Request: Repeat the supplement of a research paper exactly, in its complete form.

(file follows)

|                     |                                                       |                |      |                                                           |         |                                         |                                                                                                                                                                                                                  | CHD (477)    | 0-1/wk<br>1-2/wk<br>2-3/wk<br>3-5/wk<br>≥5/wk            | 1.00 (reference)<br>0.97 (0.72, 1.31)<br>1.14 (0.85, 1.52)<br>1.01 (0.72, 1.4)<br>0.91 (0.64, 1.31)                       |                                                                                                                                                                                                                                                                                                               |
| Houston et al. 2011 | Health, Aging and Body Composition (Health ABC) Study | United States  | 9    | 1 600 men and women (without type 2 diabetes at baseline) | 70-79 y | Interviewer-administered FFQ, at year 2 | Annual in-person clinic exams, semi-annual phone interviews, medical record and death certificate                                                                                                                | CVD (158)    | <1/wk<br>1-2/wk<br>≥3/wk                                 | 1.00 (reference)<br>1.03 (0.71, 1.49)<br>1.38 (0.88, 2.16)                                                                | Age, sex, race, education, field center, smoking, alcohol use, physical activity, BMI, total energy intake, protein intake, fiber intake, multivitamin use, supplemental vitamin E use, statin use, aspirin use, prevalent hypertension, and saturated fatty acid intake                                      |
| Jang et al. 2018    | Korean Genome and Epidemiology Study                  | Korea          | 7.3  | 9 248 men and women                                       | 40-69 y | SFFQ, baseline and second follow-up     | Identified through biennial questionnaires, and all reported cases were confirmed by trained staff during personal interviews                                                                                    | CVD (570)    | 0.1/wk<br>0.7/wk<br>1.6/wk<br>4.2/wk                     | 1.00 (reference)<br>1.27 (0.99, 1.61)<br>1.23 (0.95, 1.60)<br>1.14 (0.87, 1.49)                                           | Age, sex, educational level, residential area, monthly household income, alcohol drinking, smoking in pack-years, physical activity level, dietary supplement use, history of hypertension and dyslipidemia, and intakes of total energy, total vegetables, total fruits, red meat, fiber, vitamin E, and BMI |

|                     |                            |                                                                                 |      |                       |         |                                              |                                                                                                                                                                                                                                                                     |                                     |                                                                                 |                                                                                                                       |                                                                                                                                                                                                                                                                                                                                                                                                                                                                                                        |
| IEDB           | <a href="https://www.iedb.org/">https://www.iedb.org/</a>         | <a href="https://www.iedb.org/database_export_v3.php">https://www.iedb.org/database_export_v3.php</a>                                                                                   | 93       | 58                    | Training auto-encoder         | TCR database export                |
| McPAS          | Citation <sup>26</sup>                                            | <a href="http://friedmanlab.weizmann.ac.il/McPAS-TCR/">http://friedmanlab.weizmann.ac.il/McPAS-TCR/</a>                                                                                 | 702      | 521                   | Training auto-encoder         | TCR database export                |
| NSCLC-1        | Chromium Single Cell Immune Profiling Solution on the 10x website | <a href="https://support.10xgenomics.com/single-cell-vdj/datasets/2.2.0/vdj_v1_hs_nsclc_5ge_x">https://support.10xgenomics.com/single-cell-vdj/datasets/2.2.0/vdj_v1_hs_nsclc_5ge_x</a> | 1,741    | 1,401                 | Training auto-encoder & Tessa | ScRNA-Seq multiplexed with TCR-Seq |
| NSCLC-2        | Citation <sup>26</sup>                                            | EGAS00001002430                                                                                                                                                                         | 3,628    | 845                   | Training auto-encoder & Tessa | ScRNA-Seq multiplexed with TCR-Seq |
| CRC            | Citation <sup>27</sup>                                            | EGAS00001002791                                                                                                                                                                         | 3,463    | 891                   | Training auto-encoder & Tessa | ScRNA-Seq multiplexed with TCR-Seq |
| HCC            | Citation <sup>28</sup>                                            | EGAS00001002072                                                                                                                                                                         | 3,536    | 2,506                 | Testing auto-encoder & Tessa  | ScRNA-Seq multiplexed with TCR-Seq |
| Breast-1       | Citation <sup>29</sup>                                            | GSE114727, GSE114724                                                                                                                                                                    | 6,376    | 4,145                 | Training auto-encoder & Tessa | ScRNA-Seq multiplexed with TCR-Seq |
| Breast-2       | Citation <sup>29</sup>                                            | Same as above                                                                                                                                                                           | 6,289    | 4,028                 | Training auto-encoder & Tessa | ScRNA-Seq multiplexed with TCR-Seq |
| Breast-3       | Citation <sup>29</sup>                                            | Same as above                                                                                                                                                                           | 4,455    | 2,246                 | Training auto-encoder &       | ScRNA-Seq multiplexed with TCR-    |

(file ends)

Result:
|                     |                                                       |                |      |                                                           |         |                                         |                                                                                                                                                                                                                  | CHD (477)    | 0-1/wk<br>1-2/wk<br>2-3/wk<br>3-5/wk<br>≥5/wk            | 1.00 (reference)<br>0.97 (0.72, 1.31)<br>1.14 (0.85, 1.52)<br>1.01 (0.72, 1.4)<br>0.91 (0.64, 1.31)                       |                                                                                                                                                                                                                                                                                                               |
| Houston et al. 2011 | Health, Aging and Body Composition (Health ABC) Study | United States  | 9    | 1 600 men and women (without type 2 diabetes at baseline) | 70-79 y | Interviewer-administered FFQ, at year 2 | Annual in-person clinic exams, semi-annual phone interviews, medical record and death certificate                                                                                                                | CVD (158)    | <1/wk<br>1-2/wk<br>≥3/wk                                 | 1.00 (reference)<br>1.03 (0.71, 1.49)<br>1.38 (0.88, 2.16)                                                                | Age, sex, race, education, field center, smoking, alcohol use, physical activity, BMI, total energy intake, protein intake, fiber intake, multivitamin use, supplemental vitamin E use, statin use, aspirin use, prevalent hypertension, and saturated fatty acid intake                                      |
| Jang et al. 2018    | Korean Genome and Epidemiology Study                  | Korea          | 7.3  | 9 248 men and women                                       | 40-69 y | SFFQ, baseline and second follow-up     | Identified through biennial questionnaires, and all reported cases were confirmed by trained staff during personal interviews                                                                                    | CVD (570)    | 0.1/wk<br>0.7/wk<br>1.6/wk<br>4.2/wk                     | 1.00 (reference)<br>1.27 (0.99, 1.61)<br>1.23 (0.95, 1.60)<br>1.14 (0.87, 1.49)                                           | Age, sex, educational level, residential area, monthly household income, alcohol drinking, smoking in pack-years, physical activity level, dietary supplement use, history of hypertension and dyslipidemia, and intakes of total energy, total vegetables, total fruits, red meat, fiber, vitamin E, and BMI |

|                     |                            |                                                                                 |      |                       |         |                                              |                                                                                                                                                                                                                                                                     |                                     |                                                                                 |                                                                                                                       |                                                                                                                                                                                                                                                                                                                                                                                                                                                                                                        |
| IEDB           | <a href="https://www.iedb.org/">https://www.iedb.org/</a>         | <a href="https://www.iedb.org/database_export_v3.php">https://www.iedb.org/database_export_v3.php</a>                                                                                   | 93       | 58                    | Training auto-encoder         | TCR database export                |
| McPAS          | Citation <sup>26</sup>                                            | <a href="http://friedmanlab.weizmann.ac.il/McPAS-TCR/">http://friedmanlab.weizmann.ac.il/McPAS-TCR/</a>                                                                                 | 702      | 521                   | Training auto-encoder         | TCR database export                |
| NSCLC-1        | Chromium Single Cell Immune Profiling Solution on the 10x website | <a href="https://support.10xgenomics.com/single-cell-vdj/datasets/2.2.0/vdj_v1_hs_nsclc_5ge_x">https://support.10xgenomics.com/single-cell-vdj/datasets/2.2.0/vdj_v1_hs_nsclc_5ge_x</a> | 1,741    | 1,401                 | Training auto-encoder & Tessa | ScRNA-Seq multiplexed with TCR-Seq |
| NSCLC-2        | Citation <sup>26</sup>                                            | EGAS00001002430                                                                                                                                                                         | 3,628    | 845                   | Training auto-encoder & Tessa | ScRNA-Seq multiplexed with TCR-Seq |
| CRC            | Citation <sup>27</sup>                                            | EGAS00001002791                                                                                                                                                                         | 3,463    | 891                   | Training auto-encoder & Tessa | ScRNA-Seq multiplexed with TCR-Seq |
| HCC            | Citation <sup>28</sup>                                            | EGAS00001002072                                                                                                                                                                         | 3,536    | 2,506                 | Testing auto-encoder & Tessa  | ScRNA-Seq multiplexed with TCR-Seq |
| Breast-1       | Citation <sup>29</sup>                                            | GSE114727, GSE114724                                                                                                                                                                    | 6,376    | 4,145                 | Training auto-encoder & Tessa | ScRNA-Seq multiplexed with TCR-Seq |
| Breast-2       | Citation <sup>29</sup>                                            | Same as above                                                                                                                                                                           | 6,289    | 4,028                 | Training auto-encoder & Tessa | ScRNA-Seq multiplexed with TCR-Seq |
| Breast-3       | Citation <sup>29</sup>                                            | Same as above                                                                                                                                                                           | 4,455    | 2,246                 | Training auto-encoder &       | ScRNA-Seq multiplexed with TCR-    |